The SEC’s top cop, Robert Khuzami, plans to leave the agency later this month after four years as its enforcement director, the SEC announced Wednesday.
Khuzami’s departure has been anticipated, and his name has appeared on the list of potential successors to current SEC Chairwoman Elisse Walter, who will likely only serve until the end of this year. Khuzami is the latest in a string of executives who have departed the agency since former SEC Chairwoman Mary Schapiro departed in December.
But Khuzami says he's unsure of where he’s going next, as he told the New York Times: “I don’t know what I’m doing next, but I loved the last four years and I’m sad it’s ending.”
The SEC credited Khuzami with a long list of achievements during his four years at the agency, namely filing scores of significant actions connected to the financial crisis and bringing a record numbers of cases involving insider trading and misconduct by investment advisors and investment companies.
Under Khuzami’s leadership, the Enforcement Division filed its most-ever cases in fiscal years 2011 and 2012 following the most significant restructuring in agency history spearheaded by Schapiro.
“Rob’s leadership and bold ideas transformed and reinvigorated the enforcement program,” said Walter, in a statement. “Under his direction, the division not only produced record results, but embraced changes that in the years to come will enable the talented staff to better protect investors through increased efficiency, expertise, and strategic focus.”
Khuzami said in the same statement that “I have spent half my career in public service, and nowhere is there the level of professionalism, skill and talent on such a large and coordinated scale as there is in the SEC’s Division of Enforcement. They have inspired me, educated me and motivated me to do my very best, and for that I am eternally grateful.”
After being named enforcement director in February 2009 by Schapiro, Khuzami is credited with prioritizing the Enforcement Division’s effort to pursue financial crisis misconduct. The division has since charged more than 150 individuals and entities with wrongdoing, including 65 CEOs, CFOs and other senior corporate officers. The financial crisis-related cases have resulted in $2.68 billion in financial relief for harmed investors, and 36 individuals have been barred from serving as officers and directors at public companies or from working in the securities industry.
High-profile defendants in SEC cases alleging wrongdoing during the financial crisis include Goldman Sachs, JPMorgan, Credit Suisse, Citigroup, State Street, Wachovia, Charles Schwab, and former top executives at Fannie Mae, Freddie Mac and Countrywide.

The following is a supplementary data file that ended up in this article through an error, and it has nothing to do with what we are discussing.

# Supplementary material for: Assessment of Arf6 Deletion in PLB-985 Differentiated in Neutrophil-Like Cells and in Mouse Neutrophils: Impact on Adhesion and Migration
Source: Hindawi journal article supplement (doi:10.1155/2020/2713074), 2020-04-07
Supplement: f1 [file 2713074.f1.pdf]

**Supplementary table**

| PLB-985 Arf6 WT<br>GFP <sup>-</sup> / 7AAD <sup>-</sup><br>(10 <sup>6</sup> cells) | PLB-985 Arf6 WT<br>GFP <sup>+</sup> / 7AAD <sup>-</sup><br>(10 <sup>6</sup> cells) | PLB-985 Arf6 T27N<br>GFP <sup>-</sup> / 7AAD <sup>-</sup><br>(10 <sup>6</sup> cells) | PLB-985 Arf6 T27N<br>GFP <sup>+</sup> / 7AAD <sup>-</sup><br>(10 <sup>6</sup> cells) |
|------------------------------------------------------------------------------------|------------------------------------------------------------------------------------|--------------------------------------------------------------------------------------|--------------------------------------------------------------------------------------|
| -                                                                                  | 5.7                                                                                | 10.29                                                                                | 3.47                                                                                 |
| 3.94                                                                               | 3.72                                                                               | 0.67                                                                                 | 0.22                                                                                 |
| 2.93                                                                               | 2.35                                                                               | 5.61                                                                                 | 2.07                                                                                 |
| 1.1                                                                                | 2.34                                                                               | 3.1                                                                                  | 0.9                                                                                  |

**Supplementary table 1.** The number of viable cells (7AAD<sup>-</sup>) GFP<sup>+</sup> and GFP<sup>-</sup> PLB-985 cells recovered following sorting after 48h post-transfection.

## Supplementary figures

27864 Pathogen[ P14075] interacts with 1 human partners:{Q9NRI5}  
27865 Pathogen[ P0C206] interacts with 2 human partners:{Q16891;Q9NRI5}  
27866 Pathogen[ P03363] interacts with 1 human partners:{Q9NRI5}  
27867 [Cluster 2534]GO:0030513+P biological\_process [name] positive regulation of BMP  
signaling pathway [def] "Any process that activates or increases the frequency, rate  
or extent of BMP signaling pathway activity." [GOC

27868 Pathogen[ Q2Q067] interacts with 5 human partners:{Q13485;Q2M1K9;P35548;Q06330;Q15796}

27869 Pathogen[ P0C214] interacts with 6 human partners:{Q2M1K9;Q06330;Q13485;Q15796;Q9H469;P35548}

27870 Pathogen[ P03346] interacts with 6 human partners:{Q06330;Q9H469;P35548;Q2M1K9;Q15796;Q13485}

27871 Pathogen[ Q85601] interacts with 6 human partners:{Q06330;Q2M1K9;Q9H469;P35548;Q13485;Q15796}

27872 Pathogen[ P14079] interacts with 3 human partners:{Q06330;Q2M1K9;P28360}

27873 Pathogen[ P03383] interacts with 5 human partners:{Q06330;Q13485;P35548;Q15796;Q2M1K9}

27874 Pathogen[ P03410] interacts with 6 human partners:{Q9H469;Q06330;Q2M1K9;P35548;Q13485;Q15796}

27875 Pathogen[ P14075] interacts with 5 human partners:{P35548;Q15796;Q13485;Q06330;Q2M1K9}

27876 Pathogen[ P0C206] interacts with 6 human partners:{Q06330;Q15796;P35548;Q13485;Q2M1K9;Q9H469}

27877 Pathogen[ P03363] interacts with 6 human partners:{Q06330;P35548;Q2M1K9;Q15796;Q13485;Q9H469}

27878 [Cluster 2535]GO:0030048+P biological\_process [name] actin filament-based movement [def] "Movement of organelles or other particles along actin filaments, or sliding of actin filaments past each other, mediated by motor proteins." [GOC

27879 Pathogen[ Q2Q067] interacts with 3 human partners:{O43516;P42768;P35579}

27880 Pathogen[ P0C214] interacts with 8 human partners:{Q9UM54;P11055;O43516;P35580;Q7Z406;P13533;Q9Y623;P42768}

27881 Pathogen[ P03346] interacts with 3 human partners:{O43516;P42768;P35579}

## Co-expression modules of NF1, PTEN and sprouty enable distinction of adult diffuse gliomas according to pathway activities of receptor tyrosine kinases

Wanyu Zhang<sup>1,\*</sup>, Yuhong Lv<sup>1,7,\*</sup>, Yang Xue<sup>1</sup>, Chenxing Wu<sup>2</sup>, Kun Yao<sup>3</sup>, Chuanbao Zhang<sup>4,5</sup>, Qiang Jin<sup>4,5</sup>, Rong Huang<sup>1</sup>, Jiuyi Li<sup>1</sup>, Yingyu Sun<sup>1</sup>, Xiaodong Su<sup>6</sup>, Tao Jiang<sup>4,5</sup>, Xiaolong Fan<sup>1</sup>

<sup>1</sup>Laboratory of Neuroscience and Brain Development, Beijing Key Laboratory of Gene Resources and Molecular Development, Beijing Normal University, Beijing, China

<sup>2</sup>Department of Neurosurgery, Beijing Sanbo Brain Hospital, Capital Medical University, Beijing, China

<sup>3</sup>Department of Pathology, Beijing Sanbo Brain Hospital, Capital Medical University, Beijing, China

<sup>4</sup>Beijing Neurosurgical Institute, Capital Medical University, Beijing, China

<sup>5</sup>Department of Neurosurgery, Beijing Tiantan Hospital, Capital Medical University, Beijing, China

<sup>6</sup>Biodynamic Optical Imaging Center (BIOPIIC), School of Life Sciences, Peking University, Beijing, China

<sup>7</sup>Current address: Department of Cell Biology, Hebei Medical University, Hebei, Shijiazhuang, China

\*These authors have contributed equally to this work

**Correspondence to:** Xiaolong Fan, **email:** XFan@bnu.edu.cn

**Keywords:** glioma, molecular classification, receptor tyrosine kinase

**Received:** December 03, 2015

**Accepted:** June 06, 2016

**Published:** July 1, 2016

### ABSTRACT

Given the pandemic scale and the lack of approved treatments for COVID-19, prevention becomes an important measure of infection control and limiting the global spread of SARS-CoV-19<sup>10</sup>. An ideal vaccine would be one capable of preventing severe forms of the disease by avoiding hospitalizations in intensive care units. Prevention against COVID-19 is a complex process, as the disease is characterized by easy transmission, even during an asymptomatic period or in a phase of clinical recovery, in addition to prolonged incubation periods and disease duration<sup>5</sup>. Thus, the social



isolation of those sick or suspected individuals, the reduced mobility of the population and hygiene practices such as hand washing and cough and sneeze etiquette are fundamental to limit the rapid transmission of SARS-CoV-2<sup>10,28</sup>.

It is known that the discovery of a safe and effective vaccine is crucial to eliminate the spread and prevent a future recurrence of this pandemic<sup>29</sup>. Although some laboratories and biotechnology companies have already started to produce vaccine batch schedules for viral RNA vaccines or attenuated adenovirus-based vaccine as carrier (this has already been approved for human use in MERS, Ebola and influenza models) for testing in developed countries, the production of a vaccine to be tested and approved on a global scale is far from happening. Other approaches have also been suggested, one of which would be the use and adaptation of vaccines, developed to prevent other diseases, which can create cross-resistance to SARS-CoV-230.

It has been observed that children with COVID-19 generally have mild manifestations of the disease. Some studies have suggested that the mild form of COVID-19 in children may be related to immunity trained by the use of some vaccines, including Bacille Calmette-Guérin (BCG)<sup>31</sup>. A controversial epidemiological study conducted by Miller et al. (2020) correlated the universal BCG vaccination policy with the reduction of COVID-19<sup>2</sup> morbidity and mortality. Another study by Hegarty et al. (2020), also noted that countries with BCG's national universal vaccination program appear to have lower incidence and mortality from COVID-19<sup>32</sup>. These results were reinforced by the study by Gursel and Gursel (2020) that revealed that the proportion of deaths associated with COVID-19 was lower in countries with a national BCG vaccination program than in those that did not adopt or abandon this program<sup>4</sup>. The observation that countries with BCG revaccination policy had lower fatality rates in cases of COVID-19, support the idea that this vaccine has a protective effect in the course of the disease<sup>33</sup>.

Khuzami has led the Division’s “most productive period” of insider trading enforcement as investigators cracked large-scale coordinated schemes involving Wall Street professionals, the SEC said. The Galleon Management/Raj Rajaratnam investigation has resulted in charges against 29 defendants including former McKinsey & Co. global head Rajat Gupta.
Since the beginning of fiscal year 2010, the SEC said it has filed 180 enforcement actions alleging insider trading by approximately 430 individuals and entities for illicit profits totaling $900 million.
Khuzami also created five specialized units within the division to focus on asset management, market abuse, structured and new products, foreign corrupt practices, and municipal securities and public pensions.
In addition to the all-time record number of 735 SEC enforcement actions in FY 2011 and another 734 actions in FY 2012, Khuzami led the division to record results in a number of specific enforcement areas.
The SEC filed 293 enforcement actions involving investment advisors in fiscal years 2011 and 2012, the most ever in a two-year period. There was a 60 percent increase in cases filed against broker-dealers in fiscal year 2011, and the number of filed actions increased another 19% in fiscal year 2012. The SEC also filed 17 actions related to municipal securities in fiscal year 2012, the most in a single year since 2004.
Prior to joining the SEC, Khuzami served as a federal prosecutor for 11 years with the U.S. Attorney’s Office for the Southern District of New York, including three years as chief of its Securities and Commodities Fraud Task Force.
Khuzami served as a law clerk for the Hon. John R. Gibson of the U.S. Court of Appeals for the Eighth Circuit in Kansas City, Mo. He received his J.D. from the Boston University School of Law, and graduated magna cum laude from the University of Rochester, where he was elected to Phi Beta Kappa.